Venue: Edificio Povo 2, via Sommarive nr. 9, Povo (Tn) - Room B101
at 2:00 p.m.
- Darko Stefanovic - Department of Computer Science and the Center for Biomedical Engineering, University of New Mexico
When we say that molecules compute, we usually mean that an assembly of molecules detects certain inputs, typically the presence or absence of other molecules, and responds by producing one or more output signals, which may take the form of the release of an output molecule or the generation of a detectable fluorescent signal. The goal of a molecular computer scientist is to engineer the intervening molecular system so that the pattern of output signals is related to the pattern of input signals by the desired logic function.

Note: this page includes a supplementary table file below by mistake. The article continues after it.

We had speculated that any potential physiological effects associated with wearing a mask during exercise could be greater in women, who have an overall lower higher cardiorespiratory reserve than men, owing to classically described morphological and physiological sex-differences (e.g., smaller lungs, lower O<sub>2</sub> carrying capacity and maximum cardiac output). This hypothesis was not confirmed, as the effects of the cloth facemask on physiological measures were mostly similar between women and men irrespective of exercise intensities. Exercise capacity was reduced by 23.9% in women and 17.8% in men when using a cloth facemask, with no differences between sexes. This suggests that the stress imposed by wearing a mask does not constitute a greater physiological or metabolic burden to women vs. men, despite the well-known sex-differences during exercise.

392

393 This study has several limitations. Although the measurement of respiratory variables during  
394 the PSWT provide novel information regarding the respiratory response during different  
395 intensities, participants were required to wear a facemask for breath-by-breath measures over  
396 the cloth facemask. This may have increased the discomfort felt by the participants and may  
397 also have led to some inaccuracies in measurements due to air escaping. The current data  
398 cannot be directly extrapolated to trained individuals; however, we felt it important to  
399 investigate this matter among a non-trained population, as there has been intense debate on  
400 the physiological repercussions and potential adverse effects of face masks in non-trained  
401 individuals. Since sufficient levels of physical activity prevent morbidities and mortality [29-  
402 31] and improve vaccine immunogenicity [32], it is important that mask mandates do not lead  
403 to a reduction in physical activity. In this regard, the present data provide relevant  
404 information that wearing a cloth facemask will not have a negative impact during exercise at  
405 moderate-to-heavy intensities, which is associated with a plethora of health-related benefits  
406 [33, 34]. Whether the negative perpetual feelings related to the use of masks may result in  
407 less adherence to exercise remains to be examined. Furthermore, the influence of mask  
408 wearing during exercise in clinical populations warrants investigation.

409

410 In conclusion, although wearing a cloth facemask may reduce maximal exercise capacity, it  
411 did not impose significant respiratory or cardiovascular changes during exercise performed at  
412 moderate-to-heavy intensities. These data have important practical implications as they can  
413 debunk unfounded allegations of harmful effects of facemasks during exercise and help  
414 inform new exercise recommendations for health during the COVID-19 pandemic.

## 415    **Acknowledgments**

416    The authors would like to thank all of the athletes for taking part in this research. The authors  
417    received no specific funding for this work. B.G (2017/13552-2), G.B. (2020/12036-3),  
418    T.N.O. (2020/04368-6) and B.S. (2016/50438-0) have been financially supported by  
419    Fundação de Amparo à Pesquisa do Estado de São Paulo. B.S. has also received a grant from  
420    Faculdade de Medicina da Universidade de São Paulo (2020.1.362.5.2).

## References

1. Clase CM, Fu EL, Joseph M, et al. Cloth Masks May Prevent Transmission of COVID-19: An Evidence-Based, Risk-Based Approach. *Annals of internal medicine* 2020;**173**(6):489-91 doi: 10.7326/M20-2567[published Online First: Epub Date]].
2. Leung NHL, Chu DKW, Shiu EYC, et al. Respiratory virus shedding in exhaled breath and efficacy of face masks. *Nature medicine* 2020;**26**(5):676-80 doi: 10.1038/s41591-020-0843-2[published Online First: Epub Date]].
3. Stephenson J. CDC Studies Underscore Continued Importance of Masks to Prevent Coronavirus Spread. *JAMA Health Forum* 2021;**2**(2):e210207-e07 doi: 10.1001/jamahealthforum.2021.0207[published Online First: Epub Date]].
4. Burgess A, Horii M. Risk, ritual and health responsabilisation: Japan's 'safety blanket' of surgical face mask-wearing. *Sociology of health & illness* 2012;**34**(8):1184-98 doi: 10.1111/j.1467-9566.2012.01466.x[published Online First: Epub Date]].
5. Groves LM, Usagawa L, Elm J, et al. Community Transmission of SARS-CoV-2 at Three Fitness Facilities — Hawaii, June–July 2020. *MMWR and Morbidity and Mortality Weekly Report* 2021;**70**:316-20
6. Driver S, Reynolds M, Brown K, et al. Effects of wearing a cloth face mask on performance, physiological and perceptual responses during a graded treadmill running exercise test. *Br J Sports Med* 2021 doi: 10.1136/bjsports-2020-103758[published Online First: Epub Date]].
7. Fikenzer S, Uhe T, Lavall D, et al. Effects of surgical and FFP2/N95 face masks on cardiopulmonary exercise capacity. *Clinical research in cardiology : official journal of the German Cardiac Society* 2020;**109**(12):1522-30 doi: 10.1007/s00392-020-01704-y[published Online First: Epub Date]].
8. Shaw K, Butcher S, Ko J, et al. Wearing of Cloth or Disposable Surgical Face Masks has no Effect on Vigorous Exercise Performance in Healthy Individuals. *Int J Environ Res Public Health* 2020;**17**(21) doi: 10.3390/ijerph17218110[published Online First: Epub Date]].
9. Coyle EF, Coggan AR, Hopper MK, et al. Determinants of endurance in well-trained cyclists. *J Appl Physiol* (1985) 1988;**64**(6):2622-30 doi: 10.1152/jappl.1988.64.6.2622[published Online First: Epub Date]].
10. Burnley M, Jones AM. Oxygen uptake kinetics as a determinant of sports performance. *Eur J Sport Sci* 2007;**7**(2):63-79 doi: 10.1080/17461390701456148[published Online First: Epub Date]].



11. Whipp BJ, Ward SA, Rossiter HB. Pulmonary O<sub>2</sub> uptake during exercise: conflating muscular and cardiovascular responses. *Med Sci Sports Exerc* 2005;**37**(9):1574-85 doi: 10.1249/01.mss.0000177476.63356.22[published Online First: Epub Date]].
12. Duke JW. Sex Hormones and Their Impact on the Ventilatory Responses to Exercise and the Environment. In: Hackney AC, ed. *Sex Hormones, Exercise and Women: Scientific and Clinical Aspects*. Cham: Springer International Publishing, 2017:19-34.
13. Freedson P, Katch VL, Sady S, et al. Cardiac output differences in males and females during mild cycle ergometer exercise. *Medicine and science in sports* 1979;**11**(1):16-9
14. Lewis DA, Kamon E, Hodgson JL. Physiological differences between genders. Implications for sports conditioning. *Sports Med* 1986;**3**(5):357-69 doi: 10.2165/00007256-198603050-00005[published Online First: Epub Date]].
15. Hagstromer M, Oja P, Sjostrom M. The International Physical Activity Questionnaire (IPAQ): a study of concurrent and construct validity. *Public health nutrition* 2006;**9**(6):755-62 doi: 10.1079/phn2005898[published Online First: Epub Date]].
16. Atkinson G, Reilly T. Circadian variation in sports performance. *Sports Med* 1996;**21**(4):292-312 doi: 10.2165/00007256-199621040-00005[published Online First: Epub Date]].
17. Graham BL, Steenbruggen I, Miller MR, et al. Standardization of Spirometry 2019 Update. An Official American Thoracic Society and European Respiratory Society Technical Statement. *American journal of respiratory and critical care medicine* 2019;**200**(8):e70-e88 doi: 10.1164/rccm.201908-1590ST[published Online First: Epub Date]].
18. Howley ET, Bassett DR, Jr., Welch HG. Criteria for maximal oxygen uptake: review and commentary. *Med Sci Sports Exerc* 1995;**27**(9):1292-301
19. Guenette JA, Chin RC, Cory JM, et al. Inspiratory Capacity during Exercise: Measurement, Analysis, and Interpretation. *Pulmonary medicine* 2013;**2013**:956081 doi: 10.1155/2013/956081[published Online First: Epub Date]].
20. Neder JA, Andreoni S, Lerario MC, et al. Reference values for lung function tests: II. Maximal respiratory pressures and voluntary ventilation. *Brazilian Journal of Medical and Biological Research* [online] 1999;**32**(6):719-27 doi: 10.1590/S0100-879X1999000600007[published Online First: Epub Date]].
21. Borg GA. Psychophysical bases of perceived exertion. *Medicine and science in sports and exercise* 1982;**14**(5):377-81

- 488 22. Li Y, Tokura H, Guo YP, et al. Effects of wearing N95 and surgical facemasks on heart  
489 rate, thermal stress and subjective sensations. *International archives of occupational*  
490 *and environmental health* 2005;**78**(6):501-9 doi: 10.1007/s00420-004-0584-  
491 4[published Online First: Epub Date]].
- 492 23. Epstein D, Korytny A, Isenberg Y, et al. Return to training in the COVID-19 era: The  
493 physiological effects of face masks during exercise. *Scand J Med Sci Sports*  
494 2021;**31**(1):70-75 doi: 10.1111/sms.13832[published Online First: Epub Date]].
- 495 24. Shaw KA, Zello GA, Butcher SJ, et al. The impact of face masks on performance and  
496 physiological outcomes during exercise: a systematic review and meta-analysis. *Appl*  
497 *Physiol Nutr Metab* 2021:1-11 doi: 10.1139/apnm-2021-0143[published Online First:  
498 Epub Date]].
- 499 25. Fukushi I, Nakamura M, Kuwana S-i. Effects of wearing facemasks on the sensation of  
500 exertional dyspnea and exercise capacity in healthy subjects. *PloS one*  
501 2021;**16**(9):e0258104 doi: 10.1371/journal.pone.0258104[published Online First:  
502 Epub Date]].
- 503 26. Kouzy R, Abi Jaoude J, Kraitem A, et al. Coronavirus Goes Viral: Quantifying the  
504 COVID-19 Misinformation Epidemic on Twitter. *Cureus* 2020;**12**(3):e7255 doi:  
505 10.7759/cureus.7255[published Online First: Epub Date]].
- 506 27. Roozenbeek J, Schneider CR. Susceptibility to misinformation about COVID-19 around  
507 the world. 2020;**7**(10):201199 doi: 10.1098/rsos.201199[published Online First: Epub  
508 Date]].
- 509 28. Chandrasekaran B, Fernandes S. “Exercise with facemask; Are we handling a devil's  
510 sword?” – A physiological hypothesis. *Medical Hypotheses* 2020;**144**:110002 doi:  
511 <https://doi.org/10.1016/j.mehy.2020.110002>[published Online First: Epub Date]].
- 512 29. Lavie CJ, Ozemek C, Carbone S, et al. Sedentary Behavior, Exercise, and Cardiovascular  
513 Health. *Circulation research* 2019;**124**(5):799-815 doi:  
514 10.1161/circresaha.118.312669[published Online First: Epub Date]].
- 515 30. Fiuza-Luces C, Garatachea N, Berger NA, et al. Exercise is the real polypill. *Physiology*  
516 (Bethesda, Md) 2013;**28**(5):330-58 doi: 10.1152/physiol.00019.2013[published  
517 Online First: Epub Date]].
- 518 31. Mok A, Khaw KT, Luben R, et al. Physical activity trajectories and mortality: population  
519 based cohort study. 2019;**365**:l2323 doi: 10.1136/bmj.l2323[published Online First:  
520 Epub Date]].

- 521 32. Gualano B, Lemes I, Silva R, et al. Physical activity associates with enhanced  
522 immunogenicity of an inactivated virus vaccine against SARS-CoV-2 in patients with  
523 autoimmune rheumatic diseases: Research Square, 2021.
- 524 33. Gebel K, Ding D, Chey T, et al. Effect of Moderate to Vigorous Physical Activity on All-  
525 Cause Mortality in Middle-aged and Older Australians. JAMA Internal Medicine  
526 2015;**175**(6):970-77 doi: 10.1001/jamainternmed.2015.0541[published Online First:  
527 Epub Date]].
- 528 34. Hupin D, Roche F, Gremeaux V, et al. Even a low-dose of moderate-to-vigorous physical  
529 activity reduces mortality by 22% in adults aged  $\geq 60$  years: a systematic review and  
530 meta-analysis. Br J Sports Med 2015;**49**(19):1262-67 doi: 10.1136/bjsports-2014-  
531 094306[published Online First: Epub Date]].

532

Our experimental work focuses on catalytic nucleic acid chemistry, in particular, DNAzymes (deoxyribozymes), which are DNA-based enzymes that can cleave or combine other nucleic acid strands. Our early approach to molecular computing included the first reported complete set of nucleic acid-based logic gates, which we then used to produce autonomous molecular computing systems that implement well-known logic circuits such as adders and large-scale game-playing automata. In current work, we are extending this approach to achieve signal propagation in DNAzyme cascades and have begun applying these new techniques to biodetection applications.